Thomas scott was the most belligerent member of the Canadian Party. He verbally expressed his anti-Metis views, and threatened Louis Riel's life while imprisoned in Fort Garry. On March 4th, he was executed by firing squad. Sadly, Shultz had already made his way to Ontario where he publicized his views on the Metis and the execution of Thomas Scott. Once this reached the ears of government members in Ottawa, the delegates from Red River had a hard time getting Macdonald to recognize them. Finally their terms for Manitoba's admission into confederation was accepted by the government, but as a compromise for provincial control, Macdonald offered a grant of 200,000 hectares of land. On May 2nd 1870, Manitoba's admission was passed by the House of Commons. In late august 1870, Louis Riel flees to the United States and spends the next five years in exile.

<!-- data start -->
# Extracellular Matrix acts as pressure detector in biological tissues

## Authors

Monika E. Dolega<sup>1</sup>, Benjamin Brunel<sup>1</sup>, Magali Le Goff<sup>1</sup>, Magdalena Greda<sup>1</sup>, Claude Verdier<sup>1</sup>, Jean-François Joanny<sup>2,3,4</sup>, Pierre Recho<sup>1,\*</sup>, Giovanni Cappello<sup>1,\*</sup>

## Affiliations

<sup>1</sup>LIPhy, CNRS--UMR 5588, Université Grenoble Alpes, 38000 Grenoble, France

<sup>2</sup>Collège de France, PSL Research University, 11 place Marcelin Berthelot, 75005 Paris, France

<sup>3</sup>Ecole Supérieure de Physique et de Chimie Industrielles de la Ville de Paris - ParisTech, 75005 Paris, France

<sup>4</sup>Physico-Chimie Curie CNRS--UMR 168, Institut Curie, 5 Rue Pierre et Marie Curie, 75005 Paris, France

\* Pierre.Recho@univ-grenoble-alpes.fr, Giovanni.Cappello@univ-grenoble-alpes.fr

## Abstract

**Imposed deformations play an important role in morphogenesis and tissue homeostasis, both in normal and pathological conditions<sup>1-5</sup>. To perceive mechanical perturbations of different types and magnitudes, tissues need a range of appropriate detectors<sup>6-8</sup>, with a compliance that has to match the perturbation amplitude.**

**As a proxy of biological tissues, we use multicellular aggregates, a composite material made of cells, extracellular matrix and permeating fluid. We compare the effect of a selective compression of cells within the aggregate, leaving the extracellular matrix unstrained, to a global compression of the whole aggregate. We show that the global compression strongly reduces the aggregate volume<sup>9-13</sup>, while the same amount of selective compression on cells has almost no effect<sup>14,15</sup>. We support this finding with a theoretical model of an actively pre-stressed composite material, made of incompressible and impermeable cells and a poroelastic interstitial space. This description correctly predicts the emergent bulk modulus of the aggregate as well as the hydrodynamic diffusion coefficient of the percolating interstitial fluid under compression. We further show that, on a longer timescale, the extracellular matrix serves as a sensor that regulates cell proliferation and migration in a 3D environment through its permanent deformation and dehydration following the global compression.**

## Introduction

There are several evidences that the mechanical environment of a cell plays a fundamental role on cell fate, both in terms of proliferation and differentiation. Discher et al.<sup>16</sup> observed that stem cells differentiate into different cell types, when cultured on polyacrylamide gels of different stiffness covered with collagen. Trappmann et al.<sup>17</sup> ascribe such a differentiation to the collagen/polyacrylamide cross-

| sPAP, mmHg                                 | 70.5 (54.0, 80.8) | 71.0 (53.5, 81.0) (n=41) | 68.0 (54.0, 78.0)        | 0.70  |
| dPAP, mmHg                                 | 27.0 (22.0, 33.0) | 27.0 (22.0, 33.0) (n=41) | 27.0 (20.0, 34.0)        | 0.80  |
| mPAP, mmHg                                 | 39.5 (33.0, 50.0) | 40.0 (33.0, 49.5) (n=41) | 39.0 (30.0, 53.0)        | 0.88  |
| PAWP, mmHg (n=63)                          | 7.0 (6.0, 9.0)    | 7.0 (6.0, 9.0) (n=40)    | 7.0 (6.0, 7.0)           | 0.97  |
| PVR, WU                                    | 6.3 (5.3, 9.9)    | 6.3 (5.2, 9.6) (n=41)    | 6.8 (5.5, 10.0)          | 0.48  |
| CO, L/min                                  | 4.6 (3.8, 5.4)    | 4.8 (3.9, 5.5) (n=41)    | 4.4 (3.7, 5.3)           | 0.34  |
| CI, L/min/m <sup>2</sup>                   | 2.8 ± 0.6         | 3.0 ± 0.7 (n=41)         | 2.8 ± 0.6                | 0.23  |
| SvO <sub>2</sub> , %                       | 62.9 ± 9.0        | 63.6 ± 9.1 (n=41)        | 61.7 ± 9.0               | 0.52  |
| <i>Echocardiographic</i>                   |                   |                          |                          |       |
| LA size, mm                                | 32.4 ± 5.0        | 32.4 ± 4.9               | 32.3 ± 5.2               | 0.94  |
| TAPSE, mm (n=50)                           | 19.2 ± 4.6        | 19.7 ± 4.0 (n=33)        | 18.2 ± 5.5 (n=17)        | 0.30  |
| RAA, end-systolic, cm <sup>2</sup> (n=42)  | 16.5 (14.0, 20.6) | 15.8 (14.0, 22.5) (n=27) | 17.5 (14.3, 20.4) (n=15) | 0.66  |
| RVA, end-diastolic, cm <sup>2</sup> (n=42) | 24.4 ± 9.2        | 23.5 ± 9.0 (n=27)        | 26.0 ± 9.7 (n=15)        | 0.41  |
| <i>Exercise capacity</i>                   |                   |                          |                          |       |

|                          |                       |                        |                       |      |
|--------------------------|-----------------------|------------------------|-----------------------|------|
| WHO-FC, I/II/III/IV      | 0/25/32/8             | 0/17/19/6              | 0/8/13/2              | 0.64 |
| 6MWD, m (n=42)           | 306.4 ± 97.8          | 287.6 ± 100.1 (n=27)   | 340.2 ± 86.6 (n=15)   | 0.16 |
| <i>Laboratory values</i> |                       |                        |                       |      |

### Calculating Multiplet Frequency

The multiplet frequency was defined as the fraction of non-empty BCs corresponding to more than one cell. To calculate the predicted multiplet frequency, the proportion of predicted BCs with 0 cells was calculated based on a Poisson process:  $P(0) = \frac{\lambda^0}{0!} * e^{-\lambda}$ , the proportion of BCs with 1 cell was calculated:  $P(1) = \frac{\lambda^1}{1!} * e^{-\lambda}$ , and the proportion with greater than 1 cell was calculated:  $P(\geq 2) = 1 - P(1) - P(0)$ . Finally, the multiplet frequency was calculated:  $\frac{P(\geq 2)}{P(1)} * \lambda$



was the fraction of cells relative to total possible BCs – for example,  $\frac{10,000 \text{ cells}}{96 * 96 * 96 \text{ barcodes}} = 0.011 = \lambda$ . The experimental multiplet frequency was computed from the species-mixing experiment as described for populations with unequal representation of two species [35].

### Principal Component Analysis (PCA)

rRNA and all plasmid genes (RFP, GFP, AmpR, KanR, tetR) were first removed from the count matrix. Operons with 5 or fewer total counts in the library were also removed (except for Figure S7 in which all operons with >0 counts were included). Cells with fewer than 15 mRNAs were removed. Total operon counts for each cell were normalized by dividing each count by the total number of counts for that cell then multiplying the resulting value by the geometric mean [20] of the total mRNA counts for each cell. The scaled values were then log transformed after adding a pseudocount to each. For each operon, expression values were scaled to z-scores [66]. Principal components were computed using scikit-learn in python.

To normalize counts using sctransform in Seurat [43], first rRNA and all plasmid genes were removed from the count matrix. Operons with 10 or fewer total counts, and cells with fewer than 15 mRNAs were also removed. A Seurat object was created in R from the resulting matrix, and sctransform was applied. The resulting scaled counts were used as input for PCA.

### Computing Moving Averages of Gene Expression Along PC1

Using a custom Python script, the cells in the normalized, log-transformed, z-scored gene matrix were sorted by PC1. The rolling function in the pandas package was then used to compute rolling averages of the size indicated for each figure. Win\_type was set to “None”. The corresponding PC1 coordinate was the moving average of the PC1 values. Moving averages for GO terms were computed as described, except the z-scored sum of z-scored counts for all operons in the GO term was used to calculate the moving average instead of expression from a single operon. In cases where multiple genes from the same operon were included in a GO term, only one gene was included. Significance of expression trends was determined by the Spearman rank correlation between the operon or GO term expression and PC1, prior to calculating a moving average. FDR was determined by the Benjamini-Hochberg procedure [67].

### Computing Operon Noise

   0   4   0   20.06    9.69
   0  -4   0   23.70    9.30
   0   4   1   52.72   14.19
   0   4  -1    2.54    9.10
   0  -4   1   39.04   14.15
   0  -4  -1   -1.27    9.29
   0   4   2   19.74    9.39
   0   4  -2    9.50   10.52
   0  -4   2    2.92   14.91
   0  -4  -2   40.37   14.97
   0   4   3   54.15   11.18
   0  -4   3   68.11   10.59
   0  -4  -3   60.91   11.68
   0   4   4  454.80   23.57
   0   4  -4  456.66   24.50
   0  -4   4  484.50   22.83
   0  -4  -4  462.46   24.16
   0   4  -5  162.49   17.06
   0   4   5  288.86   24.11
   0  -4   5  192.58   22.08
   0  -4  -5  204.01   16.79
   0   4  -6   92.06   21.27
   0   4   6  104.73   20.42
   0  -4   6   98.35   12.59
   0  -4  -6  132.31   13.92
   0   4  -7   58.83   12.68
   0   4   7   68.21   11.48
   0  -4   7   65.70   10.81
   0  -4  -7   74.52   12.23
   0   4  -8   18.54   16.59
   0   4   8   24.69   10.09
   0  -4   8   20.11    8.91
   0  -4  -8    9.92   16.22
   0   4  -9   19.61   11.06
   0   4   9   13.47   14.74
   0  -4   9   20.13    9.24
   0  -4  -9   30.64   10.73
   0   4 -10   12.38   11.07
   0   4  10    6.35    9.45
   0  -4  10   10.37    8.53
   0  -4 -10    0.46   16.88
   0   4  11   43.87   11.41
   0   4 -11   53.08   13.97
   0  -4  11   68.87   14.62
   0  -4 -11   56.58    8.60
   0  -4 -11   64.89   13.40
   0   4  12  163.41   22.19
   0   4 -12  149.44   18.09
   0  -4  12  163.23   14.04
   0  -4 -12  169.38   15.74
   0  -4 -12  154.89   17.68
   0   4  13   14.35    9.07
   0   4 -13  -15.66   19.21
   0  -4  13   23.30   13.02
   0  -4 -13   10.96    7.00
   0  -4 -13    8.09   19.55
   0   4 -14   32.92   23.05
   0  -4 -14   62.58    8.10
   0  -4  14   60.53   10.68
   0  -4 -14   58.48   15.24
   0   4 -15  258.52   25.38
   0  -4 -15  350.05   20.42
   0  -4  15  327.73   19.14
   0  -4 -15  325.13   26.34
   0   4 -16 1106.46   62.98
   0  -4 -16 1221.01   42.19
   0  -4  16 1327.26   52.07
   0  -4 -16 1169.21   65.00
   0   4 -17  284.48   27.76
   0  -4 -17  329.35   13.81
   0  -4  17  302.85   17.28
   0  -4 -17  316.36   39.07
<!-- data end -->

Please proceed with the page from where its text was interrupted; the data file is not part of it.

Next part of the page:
Now the Metis are living in the Northwest Territory, and with a new environment comes new obstacles. In 1883, the Canadian government slashed the budget in its Indian department because they're more interested in obtaining the funds for the Canadian Pacific Railway, than give the Metis the fresh start as farmers they were promised. Receiving government food handouts was the only way the native peoples could survive. Sometimes food was not even given to "difficult Indians", as a result many of the aboriginal peoples were facing starvation. Louis Riel was called back into the picture after many years of exile in the summer of 1884, Riel and the Metis had no intensions of a rebellion against the Canadian government, they just wanted to be heard. Riel and a local farmer drew up a Metis Bill of Rights, this one was a lot more detailed than that of the past "List of Rights" in 1869. By the end of 1884, an uneasy tension was building, the CPR was not even close to being finished and yet they were bankrupt, and suspicions of a Metis revolt was feared. On March 19 1885, Louis held a meeting where he addressed the points to the Metis. He told them it is possible a peaceful resolution would come out of this, but the government is forcing a war on them, and that is what they will be given. Haywire began when a negotiation attempt between the NWMP and the Metis went sour. Half an hour goes by, two Metis were shot, twelve NWMP officers were killed, and twenty-five lay wounded. Another Rebellion led by Louis Riel had begun. Over 5000 Canadian troops were fanned out throughout the Northwest to put an end to this rebellion. A scrimmage south of Batoche in April prevented troops from entering the city until May, and once in the city, 175 Metis faced off with 725 Militia in a three day skirmish. Near the end, Riel and Dumont met up to confer about their situation. Frightened, Dumont fled with his family to the United States, and on May 15th Louis turned himself in as a plea to lighten the punishment on the rest of the rebels.